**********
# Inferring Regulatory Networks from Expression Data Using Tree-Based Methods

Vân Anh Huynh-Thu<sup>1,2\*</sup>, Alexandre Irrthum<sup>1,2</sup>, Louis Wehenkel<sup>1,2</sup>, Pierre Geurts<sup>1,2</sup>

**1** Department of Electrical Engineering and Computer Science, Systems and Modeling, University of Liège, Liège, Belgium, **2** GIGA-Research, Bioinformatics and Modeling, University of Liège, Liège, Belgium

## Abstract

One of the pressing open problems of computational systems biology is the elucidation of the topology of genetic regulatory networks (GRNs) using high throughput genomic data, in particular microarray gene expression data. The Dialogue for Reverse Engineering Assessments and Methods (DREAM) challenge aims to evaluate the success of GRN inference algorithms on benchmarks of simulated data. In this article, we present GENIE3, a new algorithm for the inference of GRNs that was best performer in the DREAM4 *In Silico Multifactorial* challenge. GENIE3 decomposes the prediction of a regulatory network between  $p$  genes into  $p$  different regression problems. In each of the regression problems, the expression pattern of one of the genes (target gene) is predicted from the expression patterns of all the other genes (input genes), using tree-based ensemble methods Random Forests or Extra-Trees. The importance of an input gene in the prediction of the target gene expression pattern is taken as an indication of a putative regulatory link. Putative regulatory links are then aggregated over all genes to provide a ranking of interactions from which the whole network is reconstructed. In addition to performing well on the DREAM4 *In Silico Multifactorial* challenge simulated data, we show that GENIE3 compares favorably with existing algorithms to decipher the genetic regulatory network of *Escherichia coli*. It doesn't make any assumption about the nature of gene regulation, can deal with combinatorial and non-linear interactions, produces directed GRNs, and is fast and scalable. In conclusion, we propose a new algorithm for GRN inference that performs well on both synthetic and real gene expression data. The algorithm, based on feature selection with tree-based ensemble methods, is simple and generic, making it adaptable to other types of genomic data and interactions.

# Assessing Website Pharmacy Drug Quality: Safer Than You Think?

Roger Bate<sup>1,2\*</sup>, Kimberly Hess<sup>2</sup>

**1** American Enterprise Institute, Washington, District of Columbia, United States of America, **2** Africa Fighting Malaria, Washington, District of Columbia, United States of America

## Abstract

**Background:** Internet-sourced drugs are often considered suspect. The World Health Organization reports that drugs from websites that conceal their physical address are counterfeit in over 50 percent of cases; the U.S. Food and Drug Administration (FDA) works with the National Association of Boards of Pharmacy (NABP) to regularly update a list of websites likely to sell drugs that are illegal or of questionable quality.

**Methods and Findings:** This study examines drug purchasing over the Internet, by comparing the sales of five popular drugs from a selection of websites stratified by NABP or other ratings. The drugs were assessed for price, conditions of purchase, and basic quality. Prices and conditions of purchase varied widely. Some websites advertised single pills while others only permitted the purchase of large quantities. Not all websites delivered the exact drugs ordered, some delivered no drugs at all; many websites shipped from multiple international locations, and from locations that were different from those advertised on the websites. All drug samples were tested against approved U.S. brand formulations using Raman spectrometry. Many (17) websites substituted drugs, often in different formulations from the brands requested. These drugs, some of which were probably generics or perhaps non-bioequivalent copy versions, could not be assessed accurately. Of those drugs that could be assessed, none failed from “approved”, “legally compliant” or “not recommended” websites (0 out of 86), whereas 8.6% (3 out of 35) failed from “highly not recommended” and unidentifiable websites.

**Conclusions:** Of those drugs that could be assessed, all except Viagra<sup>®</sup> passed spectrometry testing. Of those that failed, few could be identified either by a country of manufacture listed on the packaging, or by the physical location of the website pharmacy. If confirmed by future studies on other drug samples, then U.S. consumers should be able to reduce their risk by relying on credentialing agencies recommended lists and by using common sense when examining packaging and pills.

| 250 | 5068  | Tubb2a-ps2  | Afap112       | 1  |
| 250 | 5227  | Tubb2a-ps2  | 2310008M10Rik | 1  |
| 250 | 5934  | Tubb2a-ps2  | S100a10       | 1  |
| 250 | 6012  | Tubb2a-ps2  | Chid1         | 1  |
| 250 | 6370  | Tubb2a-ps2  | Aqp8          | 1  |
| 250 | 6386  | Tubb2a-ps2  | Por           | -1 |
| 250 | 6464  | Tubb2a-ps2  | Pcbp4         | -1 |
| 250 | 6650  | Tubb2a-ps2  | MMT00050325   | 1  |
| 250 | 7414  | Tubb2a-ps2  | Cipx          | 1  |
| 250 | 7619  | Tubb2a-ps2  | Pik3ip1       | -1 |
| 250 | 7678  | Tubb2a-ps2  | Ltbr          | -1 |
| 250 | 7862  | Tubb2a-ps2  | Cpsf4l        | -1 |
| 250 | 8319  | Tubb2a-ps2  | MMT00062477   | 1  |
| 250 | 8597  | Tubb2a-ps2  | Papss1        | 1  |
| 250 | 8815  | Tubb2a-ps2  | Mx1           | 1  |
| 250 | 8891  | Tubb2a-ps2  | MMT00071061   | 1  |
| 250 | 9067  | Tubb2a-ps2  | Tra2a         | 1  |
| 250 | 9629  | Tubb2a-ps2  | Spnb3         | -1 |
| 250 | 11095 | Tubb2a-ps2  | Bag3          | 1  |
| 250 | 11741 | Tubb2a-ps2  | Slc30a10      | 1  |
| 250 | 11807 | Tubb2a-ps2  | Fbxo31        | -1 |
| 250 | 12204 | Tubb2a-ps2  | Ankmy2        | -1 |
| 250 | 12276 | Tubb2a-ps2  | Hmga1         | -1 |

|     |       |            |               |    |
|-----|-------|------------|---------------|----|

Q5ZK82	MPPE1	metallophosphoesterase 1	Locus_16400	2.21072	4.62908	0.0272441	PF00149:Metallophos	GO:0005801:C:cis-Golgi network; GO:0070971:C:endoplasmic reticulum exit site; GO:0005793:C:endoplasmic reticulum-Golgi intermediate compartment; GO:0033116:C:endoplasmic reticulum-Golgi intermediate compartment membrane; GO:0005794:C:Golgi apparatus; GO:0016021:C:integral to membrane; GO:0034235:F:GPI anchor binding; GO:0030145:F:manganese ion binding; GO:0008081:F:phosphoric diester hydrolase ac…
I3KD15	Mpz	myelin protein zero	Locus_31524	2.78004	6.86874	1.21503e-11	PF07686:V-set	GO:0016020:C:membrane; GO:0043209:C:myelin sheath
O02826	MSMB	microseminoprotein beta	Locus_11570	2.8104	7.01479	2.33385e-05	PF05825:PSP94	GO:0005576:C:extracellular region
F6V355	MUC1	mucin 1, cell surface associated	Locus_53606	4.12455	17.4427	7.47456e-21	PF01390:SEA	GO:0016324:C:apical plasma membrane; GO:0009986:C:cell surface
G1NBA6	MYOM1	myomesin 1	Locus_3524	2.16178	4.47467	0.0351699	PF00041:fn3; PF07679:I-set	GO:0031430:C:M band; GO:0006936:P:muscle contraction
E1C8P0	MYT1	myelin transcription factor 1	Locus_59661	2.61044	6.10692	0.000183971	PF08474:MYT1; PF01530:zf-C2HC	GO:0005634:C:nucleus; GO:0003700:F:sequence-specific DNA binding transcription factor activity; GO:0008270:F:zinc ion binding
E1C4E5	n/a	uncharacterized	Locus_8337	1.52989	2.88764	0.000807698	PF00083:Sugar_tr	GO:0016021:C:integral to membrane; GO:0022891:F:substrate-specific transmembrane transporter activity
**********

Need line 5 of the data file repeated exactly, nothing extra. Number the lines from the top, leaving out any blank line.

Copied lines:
One of the pressing open problems of computational systems biology is the elucidation of the topology of genetic regulatory networks (GRNs) using high throughput genomic data, in particular microarray gene expression data. The Dialogue for Reverse Engineering Assessments and Methods (DREAM) challenge aims to evaluate the success of GRN inference algorithms on benchmarks of simulated data. In this article, we present GENIE3, a new algorithm for the inference of GRNs that was best performer in the DREAM4 *In Silico Multifactorial* challenge. GENIE3 decomposes the prediction of a regulatory network between  $p$  genes into  $p$  different regression problems. In each of the regression problems, the expression pattern of one of the genes (target gene) is predicted from the expression patterns of all the other genes (input genes), using tree-based ensemble methods Random Forests or Extra-Trees. The importance of an input gene in the prediction of the target gene expression pattern is taken as an indication of a putative regulatory link. Putative regulatory links are then aggregated over all genes to provide a ranking of interactions from which the whole network is reconstructed. In addition to performing well on the DREAM4 *In Silico Multifactorial* challenge simulated data, we show that GENIE3 compares favorably with existing algorithms to decipher the genetic regulatory network of *Escherichia coli*. It doesn't make any assumption about the nature of gene regulation, can deal with combinatorial and non-linear interactions, produces directed GRNs, and is fast and scalable. In conclusion, we propose a new algorithm for GRN inference that performs well on both synthetic and real gene expression data. The algorithm, based on feature selection with tree-based ensemble methods, is simple and generic, making it adaptable to other types of genomic data and interactions.